How to Be More Mindful at Work

Here is an excerpt from an article by David Gelles for The New York Times. To read the complete article, check out others, and obtain subscription information, please click here.

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Our jobs pay the bills, occupy many of our waking hours and can even give our lives meaning. They can also be a source of significant stress: tight deadlines, long days and difficult conversations. No matter what your job, work can be anxiety-provoking. Mindfulness can help. In recent years, many companies — from Google to General Mills — have started teaching mindfulness in the office. Whether or not your company does, there are simple ways to reduce the impact workplace stress can have on your mind and body. Here’s a guide to get you started.

What Is Mindfulness?

The Present Moment

Mindfulness — paying attention to the present moment in an accepting, nonjudgmental way — is a simple practice available to all. Research has shown it is also a reliable method for reducing stress, including at work.

Put most simply, meditation is a way to train the mind. Most of the time, our minds are wandering — we’re thinking about the future, dwelling on the past, worrying, fantasizing, fretting or daydreaming. Meditation brings us back to the present moment, and gives us the tools we need to be less stressed, calmer and kinder to ourselves and others.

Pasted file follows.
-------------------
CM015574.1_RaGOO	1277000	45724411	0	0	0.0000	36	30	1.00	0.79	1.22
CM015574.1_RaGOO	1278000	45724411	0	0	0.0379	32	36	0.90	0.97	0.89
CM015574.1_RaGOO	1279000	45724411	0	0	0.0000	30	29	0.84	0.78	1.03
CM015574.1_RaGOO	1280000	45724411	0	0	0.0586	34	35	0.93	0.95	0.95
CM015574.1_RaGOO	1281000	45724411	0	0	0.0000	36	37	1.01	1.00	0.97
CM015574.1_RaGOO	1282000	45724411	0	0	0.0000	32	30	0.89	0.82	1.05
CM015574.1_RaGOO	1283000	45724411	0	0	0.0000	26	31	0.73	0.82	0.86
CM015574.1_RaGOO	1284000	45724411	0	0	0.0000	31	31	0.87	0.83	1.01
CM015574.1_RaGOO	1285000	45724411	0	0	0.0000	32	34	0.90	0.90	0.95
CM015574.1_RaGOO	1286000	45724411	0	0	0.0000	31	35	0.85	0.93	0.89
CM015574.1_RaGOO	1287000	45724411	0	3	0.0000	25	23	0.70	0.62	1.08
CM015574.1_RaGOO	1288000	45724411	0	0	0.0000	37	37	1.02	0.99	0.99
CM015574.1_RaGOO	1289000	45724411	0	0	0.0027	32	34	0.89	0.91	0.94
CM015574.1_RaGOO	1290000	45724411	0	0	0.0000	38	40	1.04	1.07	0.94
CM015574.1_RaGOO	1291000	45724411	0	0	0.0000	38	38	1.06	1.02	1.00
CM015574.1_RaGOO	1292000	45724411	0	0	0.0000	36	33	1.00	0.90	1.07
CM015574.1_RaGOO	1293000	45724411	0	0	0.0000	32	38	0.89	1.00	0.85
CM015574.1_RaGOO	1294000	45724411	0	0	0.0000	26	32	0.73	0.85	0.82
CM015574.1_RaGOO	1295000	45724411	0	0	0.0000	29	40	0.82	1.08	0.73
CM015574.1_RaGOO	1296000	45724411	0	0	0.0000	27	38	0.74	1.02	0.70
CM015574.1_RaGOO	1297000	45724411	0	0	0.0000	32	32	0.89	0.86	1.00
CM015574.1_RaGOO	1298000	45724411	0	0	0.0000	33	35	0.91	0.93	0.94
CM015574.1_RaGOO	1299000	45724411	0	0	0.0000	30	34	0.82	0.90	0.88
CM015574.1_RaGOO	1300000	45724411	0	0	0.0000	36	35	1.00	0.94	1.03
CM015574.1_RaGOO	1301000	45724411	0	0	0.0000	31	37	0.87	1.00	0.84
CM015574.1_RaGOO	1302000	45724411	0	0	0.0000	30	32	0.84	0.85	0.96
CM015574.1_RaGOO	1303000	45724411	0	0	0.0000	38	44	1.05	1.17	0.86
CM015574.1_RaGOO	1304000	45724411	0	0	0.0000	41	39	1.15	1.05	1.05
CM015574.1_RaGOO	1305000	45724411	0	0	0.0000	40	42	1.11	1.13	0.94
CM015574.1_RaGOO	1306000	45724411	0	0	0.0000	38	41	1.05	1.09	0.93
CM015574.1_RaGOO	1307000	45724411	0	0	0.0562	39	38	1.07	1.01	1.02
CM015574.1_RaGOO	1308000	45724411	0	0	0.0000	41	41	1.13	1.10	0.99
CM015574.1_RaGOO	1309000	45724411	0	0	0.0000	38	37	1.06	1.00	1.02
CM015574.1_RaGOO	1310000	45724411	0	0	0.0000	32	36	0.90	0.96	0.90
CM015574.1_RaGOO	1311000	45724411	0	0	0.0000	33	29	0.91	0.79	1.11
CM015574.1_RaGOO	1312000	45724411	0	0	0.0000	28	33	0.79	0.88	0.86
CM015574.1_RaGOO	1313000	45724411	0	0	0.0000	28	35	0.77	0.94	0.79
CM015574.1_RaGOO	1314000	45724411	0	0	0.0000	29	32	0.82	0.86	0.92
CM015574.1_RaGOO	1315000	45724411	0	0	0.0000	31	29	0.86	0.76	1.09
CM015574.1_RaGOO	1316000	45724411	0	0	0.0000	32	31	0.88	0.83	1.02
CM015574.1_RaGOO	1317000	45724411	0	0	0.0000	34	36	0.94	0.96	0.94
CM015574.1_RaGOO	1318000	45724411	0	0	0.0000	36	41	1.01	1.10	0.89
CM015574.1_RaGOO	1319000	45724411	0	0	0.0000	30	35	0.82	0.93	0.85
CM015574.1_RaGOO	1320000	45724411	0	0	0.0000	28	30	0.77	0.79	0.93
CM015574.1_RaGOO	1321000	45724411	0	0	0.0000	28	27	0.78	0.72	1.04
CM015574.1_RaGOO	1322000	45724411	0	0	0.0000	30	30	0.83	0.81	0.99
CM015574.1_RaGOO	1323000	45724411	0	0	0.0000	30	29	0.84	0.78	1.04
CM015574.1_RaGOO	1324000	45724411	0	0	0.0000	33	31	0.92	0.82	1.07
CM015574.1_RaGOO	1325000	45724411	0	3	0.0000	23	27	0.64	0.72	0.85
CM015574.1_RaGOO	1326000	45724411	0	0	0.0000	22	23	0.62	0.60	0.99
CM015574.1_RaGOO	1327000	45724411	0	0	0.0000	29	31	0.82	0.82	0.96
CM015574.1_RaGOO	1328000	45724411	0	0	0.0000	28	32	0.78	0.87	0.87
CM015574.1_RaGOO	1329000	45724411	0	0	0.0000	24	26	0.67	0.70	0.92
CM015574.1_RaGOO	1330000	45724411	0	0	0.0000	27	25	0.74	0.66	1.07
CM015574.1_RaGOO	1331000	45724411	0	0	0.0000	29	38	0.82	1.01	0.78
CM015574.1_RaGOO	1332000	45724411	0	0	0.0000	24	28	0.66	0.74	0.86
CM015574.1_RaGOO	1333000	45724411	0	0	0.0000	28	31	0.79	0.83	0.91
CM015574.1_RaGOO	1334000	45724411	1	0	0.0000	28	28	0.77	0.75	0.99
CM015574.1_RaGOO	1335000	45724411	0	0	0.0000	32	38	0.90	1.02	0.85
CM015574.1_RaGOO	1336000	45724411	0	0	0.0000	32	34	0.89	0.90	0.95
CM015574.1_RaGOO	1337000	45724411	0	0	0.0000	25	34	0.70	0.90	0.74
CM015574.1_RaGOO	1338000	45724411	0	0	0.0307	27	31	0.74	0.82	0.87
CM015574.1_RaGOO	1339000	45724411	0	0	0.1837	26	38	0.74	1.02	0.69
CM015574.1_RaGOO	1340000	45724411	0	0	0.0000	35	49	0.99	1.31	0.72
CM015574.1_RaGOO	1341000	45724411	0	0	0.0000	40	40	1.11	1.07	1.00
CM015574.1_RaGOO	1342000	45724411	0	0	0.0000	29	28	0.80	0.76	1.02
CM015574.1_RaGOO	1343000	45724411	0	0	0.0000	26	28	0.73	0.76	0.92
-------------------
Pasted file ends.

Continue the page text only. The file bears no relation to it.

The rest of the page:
“I think of mindfulness as the ability not to be yanked around by your own emotions,” says Dan Harris, the author of 10 Percent Happier. “That can have a big impact on how you are in the workplace.”

There are many ways to cultivate mindfulness at work, from walking during the day to taking purposeful pauses when eating. One of the most reliable ways is simple meditation.

Work is Stressful, Find Focus

It can be especially helpful to bring a mindful disposition to your job, which can be the source of significant stress. And workplace stress is becoming only more consuming,  with email, intra-office chat tools and social media constantly competing for our attention, and often bleeding into the hours that historically gave you a break.

“We are encouraged in the workplace to be attached to an array of technology wizardry 24-7,” says Janice Marturano, founder of the Institute for Mindful Leadership. “The information we’re being bombarded with can be anxiety producing and it can create a sense of disconnection that can overwhelm us in our personal and professional lives.”

One way mindfulness can help is simply by allowing us to improve our focus. When we constantly flit from one task to another, the quality of our work can suffer. By practicing mindfulness — simply coming back to the present moment over and over again — we can train ourselves to become more focused.

“This is attention training,” says Mr. Harris. “And the neuroscience shows that this daily exercise can boost the areas of the brain that have to do with attention regulation. Multitasking is a pernicious myth that is preventing us from getting our work done.”

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